Expressions Cookbook

This Expressions Cookbook contains some of the expressions that I find useful. I’ll add more over time, so don’t be discouraged if you only see a few.

Free to use You can use them free of charge. If you want to refer back to my website or tweet about them I would be happy, but it’s up to you.
Easy to Import You only need to copy and paste the expression to your Flow. Please be sure that you understand what they do so not to break anything.
Growing number of templates  Growing number of expressions. Currently 5 in multiple types and sections. If you want to contribute please contact me.
Updated frequently Last update was on the 23rd of September 2021.
There is no schedule defined, but I’ll try to make it as frequent as possible.

String Manipulation

Convert a relative to an absolute URL

If you have a reference in your HTML that is a relative URL, like, “/area/Microsoft/powerautomate/” you need to be converted to absolute, you can use the expression bellow to get “”

replace(<string with the relative url>,'href=''/','')

After this, you can use the new URL in your “href”.



Format Date & Time

ISO 8601 (year, month, and day)

Here’s how to display a date in the ISO 8601 format. This format is usually used in Europe, and it displays the date as “year-month-day hour:minute:second”. Please note that the hour is in 24h format, and all of the values are always represented with 2 digits. In the following example, please replace your variable with the “utcNow().”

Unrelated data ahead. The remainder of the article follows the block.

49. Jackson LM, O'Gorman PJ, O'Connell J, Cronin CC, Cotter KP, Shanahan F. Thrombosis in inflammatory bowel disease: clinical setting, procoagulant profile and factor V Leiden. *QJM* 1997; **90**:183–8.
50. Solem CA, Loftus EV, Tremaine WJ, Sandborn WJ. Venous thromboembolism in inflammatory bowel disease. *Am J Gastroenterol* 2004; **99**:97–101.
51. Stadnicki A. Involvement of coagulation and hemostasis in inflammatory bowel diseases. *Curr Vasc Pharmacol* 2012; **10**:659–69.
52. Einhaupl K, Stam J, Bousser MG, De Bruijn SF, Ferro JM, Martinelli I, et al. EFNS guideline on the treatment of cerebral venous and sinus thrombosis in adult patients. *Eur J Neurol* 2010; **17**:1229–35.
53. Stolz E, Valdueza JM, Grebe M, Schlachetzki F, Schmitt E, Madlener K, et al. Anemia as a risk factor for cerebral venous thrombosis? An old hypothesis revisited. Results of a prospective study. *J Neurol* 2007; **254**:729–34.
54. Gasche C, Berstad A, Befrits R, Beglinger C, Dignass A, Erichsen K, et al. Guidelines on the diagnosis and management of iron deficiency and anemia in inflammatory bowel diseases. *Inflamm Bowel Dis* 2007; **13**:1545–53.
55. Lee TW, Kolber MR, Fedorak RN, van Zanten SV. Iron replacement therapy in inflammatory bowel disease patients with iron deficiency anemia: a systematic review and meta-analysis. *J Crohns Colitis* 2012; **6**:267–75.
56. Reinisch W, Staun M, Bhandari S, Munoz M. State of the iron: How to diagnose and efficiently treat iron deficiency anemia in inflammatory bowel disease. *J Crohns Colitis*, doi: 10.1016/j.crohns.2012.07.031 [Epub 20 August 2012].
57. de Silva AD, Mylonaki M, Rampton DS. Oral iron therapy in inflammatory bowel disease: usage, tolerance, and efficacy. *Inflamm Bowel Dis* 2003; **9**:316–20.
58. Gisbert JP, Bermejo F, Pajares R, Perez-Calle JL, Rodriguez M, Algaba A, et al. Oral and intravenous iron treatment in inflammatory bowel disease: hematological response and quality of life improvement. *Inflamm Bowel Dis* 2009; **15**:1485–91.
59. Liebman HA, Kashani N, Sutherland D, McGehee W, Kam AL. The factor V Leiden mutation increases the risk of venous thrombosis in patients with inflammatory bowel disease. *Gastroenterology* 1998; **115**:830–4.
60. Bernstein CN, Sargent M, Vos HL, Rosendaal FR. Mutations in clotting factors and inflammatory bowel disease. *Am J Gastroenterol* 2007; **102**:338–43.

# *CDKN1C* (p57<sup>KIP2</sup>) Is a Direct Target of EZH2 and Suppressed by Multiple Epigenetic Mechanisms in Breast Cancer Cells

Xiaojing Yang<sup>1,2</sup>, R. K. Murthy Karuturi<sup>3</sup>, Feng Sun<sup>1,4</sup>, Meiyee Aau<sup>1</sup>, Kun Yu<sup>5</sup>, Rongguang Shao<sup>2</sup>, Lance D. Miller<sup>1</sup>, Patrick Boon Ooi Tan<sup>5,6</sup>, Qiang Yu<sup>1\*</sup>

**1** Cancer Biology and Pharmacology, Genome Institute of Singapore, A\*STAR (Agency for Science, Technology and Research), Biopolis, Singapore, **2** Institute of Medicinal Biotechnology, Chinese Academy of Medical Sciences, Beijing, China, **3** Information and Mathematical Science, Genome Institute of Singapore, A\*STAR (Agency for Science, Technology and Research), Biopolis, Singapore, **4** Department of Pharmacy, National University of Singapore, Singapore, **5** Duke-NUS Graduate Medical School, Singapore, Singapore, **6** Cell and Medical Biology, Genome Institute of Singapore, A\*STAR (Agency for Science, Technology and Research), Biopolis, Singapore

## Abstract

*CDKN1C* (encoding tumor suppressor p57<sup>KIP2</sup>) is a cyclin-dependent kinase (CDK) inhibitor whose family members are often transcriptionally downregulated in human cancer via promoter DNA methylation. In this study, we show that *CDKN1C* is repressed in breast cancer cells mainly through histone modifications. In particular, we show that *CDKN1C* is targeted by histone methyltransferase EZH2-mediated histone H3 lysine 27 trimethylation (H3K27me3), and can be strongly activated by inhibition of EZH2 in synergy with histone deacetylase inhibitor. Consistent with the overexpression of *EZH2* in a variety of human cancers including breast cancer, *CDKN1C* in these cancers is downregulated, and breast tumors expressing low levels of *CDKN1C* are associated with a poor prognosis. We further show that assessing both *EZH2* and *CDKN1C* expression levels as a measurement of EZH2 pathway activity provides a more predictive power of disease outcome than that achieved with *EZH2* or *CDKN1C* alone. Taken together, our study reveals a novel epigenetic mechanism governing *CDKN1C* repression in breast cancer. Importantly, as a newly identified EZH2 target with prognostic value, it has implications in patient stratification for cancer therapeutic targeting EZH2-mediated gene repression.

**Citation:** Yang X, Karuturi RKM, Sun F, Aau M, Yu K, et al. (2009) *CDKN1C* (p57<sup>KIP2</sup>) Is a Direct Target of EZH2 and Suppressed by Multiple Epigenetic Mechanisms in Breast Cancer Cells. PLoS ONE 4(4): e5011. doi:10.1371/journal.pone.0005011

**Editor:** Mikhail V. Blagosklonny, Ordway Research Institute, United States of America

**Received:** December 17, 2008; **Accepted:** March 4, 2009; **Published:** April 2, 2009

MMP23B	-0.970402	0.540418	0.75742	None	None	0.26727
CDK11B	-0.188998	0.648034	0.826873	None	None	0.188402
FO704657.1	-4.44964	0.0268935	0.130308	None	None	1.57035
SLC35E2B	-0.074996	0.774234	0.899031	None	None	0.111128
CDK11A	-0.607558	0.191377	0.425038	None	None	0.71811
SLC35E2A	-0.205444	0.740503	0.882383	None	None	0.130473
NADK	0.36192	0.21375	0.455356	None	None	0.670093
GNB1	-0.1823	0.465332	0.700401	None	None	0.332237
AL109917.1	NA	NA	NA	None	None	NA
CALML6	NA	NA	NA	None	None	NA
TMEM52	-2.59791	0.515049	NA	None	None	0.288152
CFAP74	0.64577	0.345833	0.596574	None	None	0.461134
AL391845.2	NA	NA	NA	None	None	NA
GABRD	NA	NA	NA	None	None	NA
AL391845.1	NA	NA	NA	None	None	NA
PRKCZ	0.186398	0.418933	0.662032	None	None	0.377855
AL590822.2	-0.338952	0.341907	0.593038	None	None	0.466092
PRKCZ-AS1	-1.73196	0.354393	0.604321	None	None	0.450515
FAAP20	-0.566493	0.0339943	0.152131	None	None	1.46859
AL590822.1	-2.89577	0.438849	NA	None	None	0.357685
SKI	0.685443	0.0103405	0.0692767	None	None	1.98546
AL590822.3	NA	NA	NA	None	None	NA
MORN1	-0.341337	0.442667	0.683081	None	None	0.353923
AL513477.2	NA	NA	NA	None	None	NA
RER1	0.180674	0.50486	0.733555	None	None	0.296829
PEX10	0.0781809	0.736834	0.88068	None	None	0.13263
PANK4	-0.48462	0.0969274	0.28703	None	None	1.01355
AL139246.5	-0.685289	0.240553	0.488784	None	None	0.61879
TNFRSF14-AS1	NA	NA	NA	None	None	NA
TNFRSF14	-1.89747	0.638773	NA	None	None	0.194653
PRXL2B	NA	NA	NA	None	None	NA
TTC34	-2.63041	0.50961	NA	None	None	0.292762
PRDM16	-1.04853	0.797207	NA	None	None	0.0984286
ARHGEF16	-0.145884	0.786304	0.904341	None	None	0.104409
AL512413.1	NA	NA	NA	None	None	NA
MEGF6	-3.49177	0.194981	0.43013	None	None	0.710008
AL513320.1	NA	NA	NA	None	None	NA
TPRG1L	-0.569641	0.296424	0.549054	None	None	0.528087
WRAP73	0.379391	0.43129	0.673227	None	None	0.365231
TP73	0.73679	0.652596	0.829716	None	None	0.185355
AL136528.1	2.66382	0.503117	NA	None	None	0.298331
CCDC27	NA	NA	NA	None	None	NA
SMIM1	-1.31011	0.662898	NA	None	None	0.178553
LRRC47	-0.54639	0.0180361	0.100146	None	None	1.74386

formatDateTime(utcNow(),'yyyy-MM-dd hh:mm:ss')

will return:

2021-03-13 10:32:51

Based on the user’s locale

If you want the date to show up always in the user’s locale, you can define it with the “d” or “D” format. Both Power Automate and Power Apps will display it the same way. In the following example, please replace your variable with the “utcNow().”


will return:

3/13/2021 (en-US)
13/03/2021 (fr-FR)
2021/03/13 (jp-JP)


will return:

Saturday, March 13, 2021 (en-US)
Sábado, 13 de Março de 2021 (pt-PT)
Samstag, 15. März 2021 (de-DE)




Convert an Excel Number into a Date

Excel displays the dates as we would expect but store them in a number format. This number is the elapsed days since the 1st of January 1900. To convert into a date, you must first create that date and then add the days to that date—one note. You need to remove one day; otherwise, you’ll get the next day of the date. The reference date is the value “1” and not “0,” so adding those days will result in one extra day that we need to remove.
Note: I noticed recently that the date calculation shifted one value down again. After checking with Excel, the reason is apparent. Microsoft corrected the bug/feature that incorrectly classified 1900 as a leap year. Microsoft wrote about this regarding Excel, but apparently, they fixed it in Power Automate. So instead of one down we have to decrease 2 to compensate for Excel’s bug/feature.

addDays(formatDateTime('1-1-1900','dd-MM-yyyy'),sub(<variable with the excel number>,2))